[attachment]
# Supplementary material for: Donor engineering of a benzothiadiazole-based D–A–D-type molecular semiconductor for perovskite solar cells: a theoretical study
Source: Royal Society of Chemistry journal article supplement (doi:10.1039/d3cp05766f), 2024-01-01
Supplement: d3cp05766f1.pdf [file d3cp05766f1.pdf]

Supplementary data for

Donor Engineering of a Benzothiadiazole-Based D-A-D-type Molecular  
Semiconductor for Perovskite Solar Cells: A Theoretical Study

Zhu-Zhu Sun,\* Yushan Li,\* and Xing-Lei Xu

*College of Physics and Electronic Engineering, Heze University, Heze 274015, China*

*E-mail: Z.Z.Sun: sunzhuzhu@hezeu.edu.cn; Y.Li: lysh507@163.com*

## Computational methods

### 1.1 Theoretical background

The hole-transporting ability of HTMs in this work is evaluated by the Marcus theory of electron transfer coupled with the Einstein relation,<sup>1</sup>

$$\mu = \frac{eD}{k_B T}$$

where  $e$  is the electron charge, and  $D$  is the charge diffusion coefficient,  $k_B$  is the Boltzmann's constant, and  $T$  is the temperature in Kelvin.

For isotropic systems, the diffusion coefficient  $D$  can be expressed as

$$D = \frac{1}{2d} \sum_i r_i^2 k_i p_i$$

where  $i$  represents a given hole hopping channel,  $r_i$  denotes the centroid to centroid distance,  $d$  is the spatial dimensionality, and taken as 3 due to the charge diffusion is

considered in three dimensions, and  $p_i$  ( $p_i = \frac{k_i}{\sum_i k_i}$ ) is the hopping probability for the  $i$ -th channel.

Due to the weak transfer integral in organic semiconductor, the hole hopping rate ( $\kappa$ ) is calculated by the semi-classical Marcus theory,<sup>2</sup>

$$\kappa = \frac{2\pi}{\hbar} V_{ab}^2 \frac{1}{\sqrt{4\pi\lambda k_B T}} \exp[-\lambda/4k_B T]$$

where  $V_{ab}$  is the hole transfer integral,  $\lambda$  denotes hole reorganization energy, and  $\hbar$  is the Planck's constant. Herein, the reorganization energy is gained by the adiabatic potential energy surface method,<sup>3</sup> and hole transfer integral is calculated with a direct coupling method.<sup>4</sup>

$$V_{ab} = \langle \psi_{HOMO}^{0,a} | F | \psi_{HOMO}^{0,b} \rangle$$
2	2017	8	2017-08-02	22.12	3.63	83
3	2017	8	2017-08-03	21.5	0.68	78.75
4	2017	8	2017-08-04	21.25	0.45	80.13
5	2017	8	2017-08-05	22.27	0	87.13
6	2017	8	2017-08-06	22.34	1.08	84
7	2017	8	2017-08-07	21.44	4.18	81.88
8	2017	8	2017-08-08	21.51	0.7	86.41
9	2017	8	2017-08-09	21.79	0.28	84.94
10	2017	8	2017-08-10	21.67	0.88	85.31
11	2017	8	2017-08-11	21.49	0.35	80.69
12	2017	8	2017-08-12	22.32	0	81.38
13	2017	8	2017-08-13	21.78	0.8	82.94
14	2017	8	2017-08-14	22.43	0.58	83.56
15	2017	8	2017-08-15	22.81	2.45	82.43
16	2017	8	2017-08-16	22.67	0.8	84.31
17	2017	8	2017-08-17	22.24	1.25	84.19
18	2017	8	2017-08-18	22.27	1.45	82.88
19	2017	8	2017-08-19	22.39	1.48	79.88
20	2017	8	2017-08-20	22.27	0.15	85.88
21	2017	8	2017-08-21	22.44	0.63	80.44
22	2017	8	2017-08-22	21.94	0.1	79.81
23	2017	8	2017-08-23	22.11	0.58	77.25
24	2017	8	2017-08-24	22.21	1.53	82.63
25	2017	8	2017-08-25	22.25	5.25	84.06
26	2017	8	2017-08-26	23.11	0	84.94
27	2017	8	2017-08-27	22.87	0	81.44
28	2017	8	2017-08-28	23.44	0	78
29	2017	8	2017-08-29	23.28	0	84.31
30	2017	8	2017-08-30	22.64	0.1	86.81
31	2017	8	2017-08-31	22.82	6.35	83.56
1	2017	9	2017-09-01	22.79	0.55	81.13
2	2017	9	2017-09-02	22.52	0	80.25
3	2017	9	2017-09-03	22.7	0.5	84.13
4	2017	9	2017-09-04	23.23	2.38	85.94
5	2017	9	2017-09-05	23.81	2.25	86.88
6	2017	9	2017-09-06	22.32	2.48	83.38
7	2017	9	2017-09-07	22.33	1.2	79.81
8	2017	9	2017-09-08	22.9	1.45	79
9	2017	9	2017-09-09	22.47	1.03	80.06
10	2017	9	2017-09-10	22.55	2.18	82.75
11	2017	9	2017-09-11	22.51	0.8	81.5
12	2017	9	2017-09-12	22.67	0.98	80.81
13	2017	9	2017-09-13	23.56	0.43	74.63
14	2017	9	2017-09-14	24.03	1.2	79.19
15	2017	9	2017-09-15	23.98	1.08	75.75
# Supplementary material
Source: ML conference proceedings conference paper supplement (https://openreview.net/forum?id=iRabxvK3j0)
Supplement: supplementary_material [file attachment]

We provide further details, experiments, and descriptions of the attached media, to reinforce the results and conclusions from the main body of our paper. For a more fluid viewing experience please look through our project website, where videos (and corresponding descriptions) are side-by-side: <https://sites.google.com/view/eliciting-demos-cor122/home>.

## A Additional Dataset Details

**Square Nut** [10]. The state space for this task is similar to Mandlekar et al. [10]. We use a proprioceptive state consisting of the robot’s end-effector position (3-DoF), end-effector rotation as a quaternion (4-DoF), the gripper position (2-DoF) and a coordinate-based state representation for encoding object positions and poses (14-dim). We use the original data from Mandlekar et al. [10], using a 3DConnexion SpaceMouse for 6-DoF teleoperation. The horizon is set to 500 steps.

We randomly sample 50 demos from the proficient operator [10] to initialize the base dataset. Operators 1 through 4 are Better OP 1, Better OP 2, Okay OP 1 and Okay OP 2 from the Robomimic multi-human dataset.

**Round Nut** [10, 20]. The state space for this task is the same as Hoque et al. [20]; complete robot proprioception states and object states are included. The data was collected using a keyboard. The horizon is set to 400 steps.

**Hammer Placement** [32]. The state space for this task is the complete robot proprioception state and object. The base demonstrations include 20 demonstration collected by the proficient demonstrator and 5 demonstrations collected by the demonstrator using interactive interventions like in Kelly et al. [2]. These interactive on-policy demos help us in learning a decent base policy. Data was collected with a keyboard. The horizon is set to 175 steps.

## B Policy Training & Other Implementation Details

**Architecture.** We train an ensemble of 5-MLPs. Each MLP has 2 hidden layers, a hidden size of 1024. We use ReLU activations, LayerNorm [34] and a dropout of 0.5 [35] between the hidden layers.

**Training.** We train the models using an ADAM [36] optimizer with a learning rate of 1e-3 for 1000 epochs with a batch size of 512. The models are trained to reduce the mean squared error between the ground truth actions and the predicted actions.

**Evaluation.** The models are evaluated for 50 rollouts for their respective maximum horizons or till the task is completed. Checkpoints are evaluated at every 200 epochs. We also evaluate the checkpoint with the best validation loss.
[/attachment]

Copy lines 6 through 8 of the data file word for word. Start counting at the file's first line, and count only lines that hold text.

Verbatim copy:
Semiconductor for Perovskite Solar Cells: A Theoretical Study

Zhu-Zhu Sun,\* Yushan Li,\* and Xing-Lei Xu

*College of Physics and Electronic Engineering, Heze University, Heze 274015, China*